Do the most counter-intuitive thing for any dog lover on the planet: ignore them.
During the World Wars, dogs were found to be incredibly useful beyond their capacity for companionship and what they were initially bred for. Since then, schools across the U.S. have opened in an effort to provide people with a necessary medical service. While service dogs are most commonly associated with the blind, they have proven exceedingly useful for veterans across the U.S. for various reasons, epileptics, diabetics and many more.
When a lot of people spot a service animal, be it in a mall or at a park, their first reaction is to smother it with love, like they do with their own dogs every day at home. They often run up to the dog saying, “I know I’m not supposed to do this, but…” and then they continue to do exactly what they’re not supposed to. Or they don’t even know to ignore the dog in the first place. There are a few reasons why this is not acceptable.
First of all, the dog is working, and like anyone who works he or she needs to concentrate. People generally don’t (or shouldn’t) get service dogs for reasons that aren’t serious, and these dogs are legitimately there for their health. They’re there to keep a blind person from stepping into traffic, or to alert their owner of low/high blood sugar. Taking this dog away from these imperative tasks, even if just for a second, can be life threatening. Sure, there might not be life threatening consequences every time you break these rules, but why risk the handler (person who needs the dog) in such a way?
Yes, that means no whistling at the dog, no offering it treats, no head scratches, calling it by name, or even giving it eye contact. Even the most well-trained dogs in the industry are prone to distraction. Kenna Milaski, a guide dog puppy raiser and dog trainer, says, “People rely on these dogs for their lives. Your ‘need’ to interact with a cute dog is never more important than someone’s life.” Most handlers will be eternally grateful for your deliberate ignorance toward their dogs, as they are constantly getting barraged by well-meaning people who just don’t know any better. It may sound a bit harsh, but these dogs get “tons of love and time to play when they’re off duty,” Milaski says.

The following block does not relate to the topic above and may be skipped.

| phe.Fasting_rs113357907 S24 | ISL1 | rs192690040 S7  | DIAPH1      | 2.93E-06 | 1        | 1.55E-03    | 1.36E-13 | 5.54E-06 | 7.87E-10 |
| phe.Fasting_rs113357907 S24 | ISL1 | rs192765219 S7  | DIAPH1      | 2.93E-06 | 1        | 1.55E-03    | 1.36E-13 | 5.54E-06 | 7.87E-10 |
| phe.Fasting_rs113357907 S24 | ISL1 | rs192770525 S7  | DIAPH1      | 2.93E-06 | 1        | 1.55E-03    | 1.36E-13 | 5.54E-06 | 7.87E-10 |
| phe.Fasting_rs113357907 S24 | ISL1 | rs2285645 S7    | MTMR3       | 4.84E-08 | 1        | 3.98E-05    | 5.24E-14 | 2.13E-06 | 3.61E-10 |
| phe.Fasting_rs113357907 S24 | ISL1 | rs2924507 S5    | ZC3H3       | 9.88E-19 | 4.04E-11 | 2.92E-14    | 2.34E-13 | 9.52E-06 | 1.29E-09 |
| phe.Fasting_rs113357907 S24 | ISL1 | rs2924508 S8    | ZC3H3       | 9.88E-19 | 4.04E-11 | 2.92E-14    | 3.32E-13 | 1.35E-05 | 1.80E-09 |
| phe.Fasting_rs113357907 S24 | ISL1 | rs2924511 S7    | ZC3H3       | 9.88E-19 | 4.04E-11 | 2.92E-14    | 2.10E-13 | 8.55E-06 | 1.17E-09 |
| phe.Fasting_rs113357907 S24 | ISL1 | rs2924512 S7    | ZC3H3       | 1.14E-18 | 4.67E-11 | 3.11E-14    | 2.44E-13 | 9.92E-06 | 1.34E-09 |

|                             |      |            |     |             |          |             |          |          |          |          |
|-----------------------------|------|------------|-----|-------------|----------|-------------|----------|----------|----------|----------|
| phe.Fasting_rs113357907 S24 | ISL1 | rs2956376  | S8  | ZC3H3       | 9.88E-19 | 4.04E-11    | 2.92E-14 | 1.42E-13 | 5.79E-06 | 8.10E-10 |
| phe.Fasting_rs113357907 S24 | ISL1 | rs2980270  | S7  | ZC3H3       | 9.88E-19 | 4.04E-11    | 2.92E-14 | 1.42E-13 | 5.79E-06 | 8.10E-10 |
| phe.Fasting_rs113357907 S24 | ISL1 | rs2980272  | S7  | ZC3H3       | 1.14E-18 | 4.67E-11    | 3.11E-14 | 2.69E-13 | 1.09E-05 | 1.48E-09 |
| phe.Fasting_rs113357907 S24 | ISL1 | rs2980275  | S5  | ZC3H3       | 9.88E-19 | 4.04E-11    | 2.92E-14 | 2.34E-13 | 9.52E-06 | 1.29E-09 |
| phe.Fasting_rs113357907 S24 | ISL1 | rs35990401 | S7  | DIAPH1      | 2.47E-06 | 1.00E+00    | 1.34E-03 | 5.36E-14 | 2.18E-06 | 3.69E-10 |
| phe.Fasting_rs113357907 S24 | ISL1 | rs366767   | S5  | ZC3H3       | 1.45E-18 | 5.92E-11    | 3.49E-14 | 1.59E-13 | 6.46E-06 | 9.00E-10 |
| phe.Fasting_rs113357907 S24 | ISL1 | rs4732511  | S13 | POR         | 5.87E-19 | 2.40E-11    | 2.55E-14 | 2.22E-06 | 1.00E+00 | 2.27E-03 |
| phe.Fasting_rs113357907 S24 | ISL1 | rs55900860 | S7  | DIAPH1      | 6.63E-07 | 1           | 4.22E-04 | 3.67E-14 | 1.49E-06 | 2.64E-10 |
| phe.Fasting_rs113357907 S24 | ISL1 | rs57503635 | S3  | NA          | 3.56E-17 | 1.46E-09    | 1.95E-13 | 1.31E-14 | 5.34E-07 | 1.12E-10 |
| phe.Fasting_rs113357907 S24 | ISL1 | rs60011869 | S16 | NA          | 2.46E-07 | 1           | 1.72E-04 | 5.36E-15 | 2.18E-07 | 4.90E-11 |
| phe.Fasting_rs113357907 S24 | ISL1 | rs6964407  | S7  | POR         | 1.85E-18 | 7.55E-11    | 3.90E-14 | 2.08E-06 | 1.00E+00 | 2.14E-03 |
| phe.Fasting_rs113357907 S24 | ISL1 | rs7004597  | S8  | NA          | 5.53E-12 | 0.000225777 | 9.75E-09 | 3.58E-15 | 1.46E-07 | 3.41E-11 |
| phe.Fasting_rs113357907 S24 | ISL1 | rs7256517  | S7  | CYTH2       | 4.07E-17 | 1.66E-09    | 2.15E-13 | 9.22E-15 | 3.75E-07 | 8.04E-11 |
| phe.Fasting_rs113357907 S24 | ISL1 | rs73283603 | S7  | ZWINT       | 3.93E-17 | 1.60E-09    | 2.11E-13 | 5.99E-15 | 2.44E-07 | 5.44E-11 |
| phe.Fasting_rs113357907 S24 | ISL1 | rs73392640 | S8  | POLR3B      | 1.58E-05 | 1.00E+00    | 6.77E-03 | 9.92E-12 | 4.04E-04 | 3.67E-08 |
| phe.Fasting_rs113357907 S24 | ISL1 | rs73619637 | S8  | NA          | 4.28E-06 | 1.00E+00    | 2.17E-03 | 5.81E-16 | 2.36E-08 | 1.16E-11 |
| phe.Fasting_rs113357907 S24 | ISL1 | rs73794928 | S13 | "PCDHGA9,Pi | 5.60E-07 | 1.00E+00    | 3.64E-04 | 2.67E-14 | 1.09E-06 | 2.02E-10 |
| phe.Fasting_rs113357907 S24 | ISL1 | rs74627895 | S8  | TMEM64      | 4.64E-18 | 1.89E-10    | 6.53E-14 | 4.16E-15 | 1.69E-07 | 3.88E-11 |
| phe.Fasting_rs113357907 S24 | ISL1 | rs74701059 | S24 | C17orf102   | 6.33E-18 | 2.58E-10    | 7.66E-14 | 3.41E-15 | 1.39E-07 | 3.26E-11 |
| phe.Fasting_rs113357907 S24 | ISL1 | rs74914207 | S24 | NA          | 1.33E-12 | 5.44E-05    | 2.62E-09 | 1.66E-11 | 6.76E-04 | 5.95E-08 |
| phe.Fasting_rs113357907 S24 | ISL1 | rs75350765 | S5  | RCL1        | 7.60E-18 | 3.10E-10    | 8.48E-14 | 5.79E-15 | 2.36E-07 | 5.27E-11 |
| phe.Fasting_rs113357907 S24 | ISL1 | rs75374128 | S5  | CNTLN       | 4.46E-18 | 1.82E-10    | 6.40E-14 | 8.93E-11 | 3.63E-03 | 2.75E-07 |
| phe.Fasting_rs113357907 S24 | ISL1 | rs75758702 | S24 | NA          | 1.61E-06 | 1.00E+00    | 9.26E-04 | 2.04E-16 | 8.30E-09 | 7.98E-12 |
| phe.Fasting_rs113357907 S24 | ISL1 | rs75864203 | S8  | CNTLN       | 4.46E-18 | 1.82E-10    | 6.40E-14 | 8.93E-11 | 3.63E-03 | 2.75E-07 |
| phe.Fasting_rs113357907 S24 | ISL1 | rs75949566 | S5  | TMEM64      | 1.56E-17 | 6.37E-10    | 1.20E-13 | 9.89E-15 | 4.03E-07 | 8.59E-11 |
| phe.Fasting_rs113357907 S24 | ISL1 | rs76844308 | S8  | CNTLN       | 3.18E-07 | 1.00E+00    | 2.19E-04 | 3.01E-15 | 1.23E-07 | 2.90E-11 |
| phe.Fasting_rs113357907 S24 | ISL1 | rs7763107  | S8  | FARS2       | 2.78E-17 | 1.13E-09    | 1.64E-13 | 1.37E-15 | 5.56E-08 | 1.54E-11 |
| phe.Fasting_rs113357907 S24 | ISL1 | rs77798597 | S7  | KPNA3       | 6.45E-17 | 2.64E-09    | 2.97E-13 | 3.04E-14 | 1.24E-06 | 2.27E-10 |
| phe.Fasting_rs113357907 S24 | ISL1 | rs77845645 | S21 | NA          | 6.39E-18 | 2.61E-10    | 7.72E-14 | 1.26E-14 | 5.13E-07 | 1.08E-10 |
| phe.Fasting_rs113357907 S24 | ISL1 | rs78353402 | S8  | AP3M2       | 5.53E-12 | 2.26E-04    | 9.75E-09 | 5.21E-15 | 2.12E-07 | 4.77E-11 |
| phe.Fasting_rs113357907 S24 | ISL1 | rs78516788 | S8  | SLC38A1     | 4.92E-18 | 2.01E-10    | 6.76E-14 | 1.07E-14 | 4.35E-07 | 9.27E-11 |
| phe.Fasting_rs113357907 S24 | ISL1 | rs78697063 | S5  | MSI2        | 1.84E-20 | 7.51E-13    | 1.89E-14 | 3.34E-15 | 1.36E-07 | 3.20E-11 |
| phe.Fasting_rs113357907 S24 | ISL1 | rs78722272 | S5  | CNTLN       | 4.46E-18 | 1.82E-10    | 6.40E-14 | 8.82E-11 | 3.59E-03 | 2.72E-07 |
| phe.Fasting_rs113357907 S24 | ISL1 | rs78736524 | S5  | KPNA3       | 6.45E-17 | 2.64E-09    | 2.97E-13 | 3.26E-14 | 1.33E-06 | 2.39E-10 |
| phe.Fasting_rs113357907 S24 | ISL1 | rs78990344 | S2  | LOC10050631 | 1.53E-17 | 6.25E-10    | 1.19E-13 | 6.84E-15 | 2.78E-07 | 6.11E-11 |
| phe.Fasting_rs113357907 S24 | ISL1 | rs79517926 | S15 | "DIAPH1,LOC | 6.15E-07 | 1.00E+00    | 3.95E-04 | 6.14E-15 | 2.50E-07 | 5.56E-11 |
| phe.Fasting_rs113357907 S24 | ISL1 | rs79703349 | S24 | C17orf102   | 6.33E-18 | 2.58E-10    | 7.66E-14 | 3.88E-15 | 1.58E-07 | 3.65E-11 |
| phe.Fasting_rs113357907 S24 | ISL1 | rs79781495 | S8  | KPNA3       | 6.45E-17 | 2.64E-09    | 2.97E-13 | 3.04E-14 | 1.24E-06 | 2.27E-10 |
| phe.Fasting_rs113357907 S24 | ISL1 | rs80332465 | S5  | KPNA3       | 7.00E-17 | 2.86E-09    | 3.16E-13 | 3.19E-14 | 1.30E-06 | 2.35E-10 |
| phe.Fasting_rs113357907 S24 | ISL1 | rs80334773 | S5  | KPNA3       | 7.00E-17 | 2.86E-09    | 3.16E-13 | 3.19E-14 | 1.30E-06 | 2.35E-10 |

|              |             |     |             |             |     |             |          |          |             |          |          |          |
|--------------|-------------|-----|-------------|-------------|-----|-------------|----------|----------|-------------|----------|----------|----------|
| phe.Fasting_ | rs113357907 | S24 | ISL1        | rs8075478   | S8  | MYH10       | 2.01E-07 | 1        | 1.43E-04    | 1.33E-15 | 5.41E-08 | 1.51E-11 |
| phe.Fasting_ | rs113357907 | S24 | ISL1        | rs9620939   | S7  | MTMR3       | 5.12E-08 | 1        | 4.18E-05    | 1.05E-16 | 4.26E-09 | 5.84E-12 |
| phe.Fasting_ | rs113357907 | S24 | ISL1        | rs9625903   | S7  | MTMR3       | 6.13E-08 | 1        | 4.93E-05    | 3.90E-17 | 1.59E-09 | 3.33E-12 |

How can you identify a service dog? Milaski says she says it helps to follow a couple of rules: “If the dog is in some sort of public place where dogs would not usually be allowed, I assume it’s a service dog. If it’s wearing some kind of gear (vest, patches, or special harnesses), I assume it’s a service dog.” She made sure to mention that these are just indicators, and service dogs aren’t legally required to wear a vest. “Just think twice before you go up to any dog in public,” she says.
Don’t ask to pet the dog–Milaski insists that they must be treated by the general public as a piece of medical equipment. You wouldn’t touch or play with someone’s wheelchair and you wouldn’t fiddle with someone’s oxygen tank, even if it was cute and furry. Of course, it almost feels rude to ignore a dog when they’re panting and wagging their tail just next to you, but for the sake of the handler’s safety and all service dogs out there, you have to overcome those urges and ignore the dog.
Featured image courtesy of Wikimedia Commons.
If you enjoyed this article, please consider supporting our Veteran Editorial by becoming a SOFREP subscriber. Click here to get 3 months of full ad-free access for only $1